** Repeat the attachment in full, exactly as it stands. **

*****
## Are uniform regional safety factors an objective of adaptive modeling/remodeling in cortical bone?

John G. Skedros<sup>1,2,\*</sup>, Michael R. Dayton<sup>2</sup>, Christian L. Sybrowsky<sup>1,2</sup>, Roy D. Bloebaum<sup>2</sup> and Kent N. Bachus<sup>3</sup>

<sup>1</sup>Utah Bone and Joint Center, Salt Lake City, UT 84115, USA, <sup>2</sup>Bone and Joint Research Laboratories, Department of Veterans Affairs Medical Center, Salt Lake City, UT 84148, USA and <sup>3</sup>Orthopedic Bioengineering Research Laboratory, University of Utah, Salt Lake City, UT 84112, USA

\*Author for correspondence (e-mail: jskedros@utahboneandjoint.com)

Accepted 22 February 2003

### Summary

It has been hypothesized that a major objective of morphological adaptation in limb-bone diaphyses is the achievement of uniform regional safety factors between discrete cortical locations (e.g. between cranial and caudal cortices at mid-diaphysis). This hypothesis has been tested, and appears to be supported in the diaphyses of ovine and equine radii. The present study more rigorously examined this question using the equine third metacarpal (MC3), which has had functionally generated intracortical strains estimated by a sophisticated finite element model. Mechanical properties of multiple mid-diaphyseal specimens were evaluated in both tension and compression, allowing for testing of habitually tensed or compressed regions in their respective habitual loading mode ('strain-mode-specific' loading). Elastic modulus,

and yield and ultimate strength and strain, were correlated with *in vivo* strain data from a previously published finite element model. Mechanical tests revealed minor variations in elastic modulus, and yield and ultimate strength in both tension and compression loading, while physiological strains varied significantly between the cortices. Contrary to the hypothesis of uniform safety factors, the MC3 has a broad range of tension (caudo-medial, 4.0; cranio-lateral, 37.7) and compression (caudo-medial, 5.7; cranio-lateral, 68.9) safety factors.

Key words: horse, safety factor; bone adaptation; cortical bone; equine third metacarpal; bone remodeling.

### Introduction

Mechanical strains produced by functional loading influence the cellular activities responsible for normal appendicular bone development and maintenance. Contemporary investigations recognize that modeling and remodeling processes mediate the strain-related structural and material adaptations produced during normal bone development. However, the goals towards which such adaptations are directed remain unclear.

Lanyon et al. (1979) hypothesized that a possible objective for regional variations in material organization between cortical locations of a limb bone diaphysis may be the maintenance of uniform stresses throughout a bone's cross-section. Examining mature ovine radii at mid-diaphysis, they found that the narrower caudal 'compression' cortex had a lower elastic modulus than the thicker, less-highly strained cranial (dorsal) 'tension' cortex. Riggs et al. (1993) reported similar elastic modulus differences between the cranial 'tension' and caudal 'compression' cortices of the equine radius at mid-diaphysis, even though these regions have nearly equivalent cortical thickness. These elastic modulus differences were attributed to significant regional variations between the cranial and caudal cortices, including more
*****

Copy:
## Are uniform regional safety factors an objective of adaptive modeling/remodeling in cortical bone?

John G. Skedros<sup>1,2,\*</sup>, Michael R. Dayton<sup>2</sup>, Christian L. Sybrowsky<sup>1,2</sup>, Roy D. Bloebaum<sup>2</sup> and Kent N. Bachus<sup>3</sup>

<sup>1</sup>Utah Bone and Joint Center, Salt Lake City, UT 84115, USA, <sup>2</sup>Bone and Joint Research Laboratories, Department of Veterans Affairs Medical Center, Salt Lake City, UT 84148, USA and <sup>3</sup>Orthopedic Bioengineering Research Laboratory, University of Utah, Salt Lake City, UT 84112, USA

\*Author for correspondence (e-mail: jskedros@utahboneandjoint.com)

Accepted 22 February 2003

### Summary

It has been hypothesized that a major objective of morphological adaptation in limb-bone diaphyses is the achievement of uniform regional safety factors between discrete cortical locations (e.g. between cranial and caudal cortices at mid-diaphysis). This hypothesis has been tested, and appears to be supported in the diaphyses of ovine and equine radii. The present study more rigorously examined this question using the equine third metacarpal (MC3), which has had functionally generated intracortical strains estimated by a sophisticated finite element model. Mechanical properties of multiple mid-diaphyseal specimens were evaluated in both tension and compression, allowing for testing of habitually tensed or compressed regions in their respective habitual loading mode ('strain-mode-specific' loading). Elastic modulus,

and yield and ultimate strength and strain, were correlated with *in vivo* strain data from a previously published finite element model. Mechanical tests revealed minor variations in elastic modulus, and yield and ultimate strength in both tension and compression loading, while physiological strains varied significantly between the cortices. Contrary to the hypothesis of uniform safety factors, the MC3 has a broad range of tension (caudo-medial, 4.0; cranio-lateral, 37.7) and compression (caudo-medial, 5.7; cranio-lateral, 68.9) safety factors.

Key words: horse, safety factor; bone adaptation; cortical bone; equine third metacarpal; bone remodeling.

### Introduction

Mechanical strains produced by functional loading influence the cellular activities responsible for normal appendicular bone development and maintenance. Contemporary investigations recognize that modeling and remodeling processes mediate the strain-related structural and material adaptations produced during normal bone development. However, the goals towards which such adaptations are directed remain unclear.

Lanyon et al. (1979) hypothesized that a possible objective for regional variations in material organization between cortical locations of a limb bone diaphysis may be the maintenance of uniform stresses throughout a bone's cross-section. Examining mature ovine radii at mid-diaphysis, they found that the narrower caudal 'compression' cortex had a lower elastic modulus than the thicker, less-highly strained cranial (dorsal) 'tension' cortex. Riggs et al. (1993) reported similar elastic modulus differences between the cranial 'tension' and caudal 'compression' cortices of the equine radius at mid-diaphysis, even though these regions have nearly equivalent cortical thickness. These elastic modulus differences were attributed to significant regional variations between the cranial and caudal cortices, including more